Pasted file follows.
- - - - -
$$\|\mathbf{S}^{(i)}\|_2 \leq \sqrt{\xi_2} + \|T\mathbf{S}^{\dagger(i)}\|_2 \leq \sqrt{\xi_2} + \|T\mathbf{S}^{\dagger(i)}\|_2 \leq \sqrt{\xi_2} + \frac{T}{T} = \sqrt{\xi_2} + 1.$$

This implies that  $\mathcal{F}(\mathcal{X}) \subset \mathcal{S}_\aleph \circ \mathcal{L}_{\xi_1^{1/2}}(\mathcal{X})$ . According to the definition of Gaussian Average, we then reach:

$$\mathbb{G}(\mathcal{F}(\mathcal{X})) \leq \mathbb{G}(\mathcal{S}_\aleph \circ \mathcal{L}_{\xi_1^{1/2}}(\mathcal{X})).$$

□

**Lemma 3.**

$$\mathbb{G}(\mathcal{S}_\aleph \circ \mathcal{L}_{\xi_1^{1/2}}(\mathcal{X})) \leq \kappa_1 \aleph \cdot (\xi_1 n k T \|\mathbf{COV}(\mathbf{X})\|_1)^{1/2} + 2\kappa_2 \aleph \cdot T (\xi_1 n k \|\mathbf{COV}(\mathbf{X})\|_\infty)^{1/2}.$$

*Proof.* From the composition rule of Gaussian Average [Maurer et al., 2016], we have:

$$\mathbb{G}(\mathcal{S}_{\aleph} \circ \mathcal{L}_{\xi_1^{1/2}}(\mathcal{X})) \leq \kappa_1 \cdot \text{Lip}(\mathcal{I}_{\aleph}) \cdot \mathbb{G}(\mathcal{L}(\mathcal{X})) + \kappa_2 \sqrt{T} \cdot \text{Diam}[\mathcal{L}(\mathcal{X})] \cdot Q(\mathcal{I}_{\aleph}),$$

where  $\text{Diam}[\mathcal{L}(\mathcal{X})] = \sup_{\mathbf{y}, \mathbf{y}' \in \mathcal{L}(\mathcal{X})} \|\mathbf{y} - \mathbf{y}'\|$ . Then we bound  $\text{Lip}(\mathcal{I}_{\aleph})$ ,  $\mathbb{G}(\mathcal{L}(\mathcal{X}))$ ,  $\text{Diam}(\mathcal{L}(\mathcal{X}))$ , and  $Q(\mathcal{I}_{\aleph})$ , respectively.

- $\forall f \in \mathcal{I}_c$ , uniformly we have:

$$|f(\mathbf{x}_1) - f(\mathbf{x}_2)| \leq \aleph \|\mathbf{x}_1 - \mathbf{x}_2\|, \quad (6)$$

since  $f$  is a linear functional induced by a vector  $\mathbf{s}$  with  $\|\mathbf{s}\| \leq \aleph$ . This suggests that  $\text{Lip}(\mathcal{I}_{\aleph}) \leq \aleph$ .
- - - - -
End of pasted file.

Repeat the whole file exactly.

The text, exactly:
$$\|\mathbf{S}^{(i)}\|_2 \leq \sqrt{\xi_2} + \|T\mathbf{S}^{\dagger(i)}\|_2 \leq \sqrt{\xi_2} + \|T\mathbf{S}^{\dagger(i)}\|_2 \leq \sqrt{\xi_2} + \frac{T}{T} = \sqrt{\xi_2} + 1.$$

This implies that  $\mathcal{F}(\mathcal{X}) \subset \mathcal{S}_\aleph \circ \mathcal{L}_{\xi_1^{1/2}}(\mathcal{X})$ . According to the definition of Gaussian Average, we then reach:

$$\mathbb{G}(\mathcal{F}(\mathcal{X})) \leq \mathbb{G}(\mathcal{S}_\aleph \circ \mathcal{L}_{\xi_1^{1/2}}(\mathcal{X})).$$

□

**Lemma 3.**

$$\mathbb{G}(\mathcal{S}_\aleph \circ \mathcal{L}_{\xi_1^{1/2}}(\mathcal{X})) \leq \kappa_1 \aleph \cdot (\xi_1 n k T \|\mathbf{COV}(\mathbf{X})\|_1)^{1/2} + 2\kappa_2 \aleph \cdot T (\xi_1 n k \|\mathbf{COV}(\mathbf{X})\|_\infty)^{1/2}.$$

*Proof.* From the composition rule of Gaussian Average [Maurer et al., 2016], we have:

$$\mathbb{G}(\mathcal{S}_{\aleph} \circ \mathcal{L}_{\xi_1^{1/2}}(\mathcal{X})) \leq \kappa_1 \cdot \text{Lip}(\mathcal{I}_{\aleph}) \cdot \mathbb{G}(\mathcal{L}(\mathcal{X})) + \kappa_2 \sqrt{T} \cdot \text{Diam}[\mathcal{L}(\mathcal{X})] \cdot Q(\mathcal{I}_{\aleph}),$$

where  $\text{Diam}[\mathcal{L}(\mathcal{X})] = \sup_{\mathbf{y}, \mathbf{y}' \in \mathcal{L}(\mathcal{X})} \|\mathbf{y} - \mathbf{y}'\|$ . Then we bound  $\text{Lip}(\mathcal{I}_{\aleph})$ ,  $\mathbb{G}(\mathcal{L}(\mathcal{X}))$ ,  $\text{Diam}(\mathcal{L}(\mathcal{X}))$ , and  $Q(\mathcal{I}_{\aleph})$ , respectively.

- $\forall f \in \mathcal{I}_c$ , uniformly we have:

$$|f(\mathbf{x}_1) - f(\mathbf{x}_2)| \leq \aleph \|\mathbf{x}_1 - \mathbf{x}_2\|, \quad (6)$$

since  $f$  is a linear functional induced by a vector  $\mathbf{s}$  with  $\|\mathbf{s}\| \leq \aleph$ . This suggests that  $\text{Lip}(\mathcal{I}_{\aleph}) \leq \aleph$ .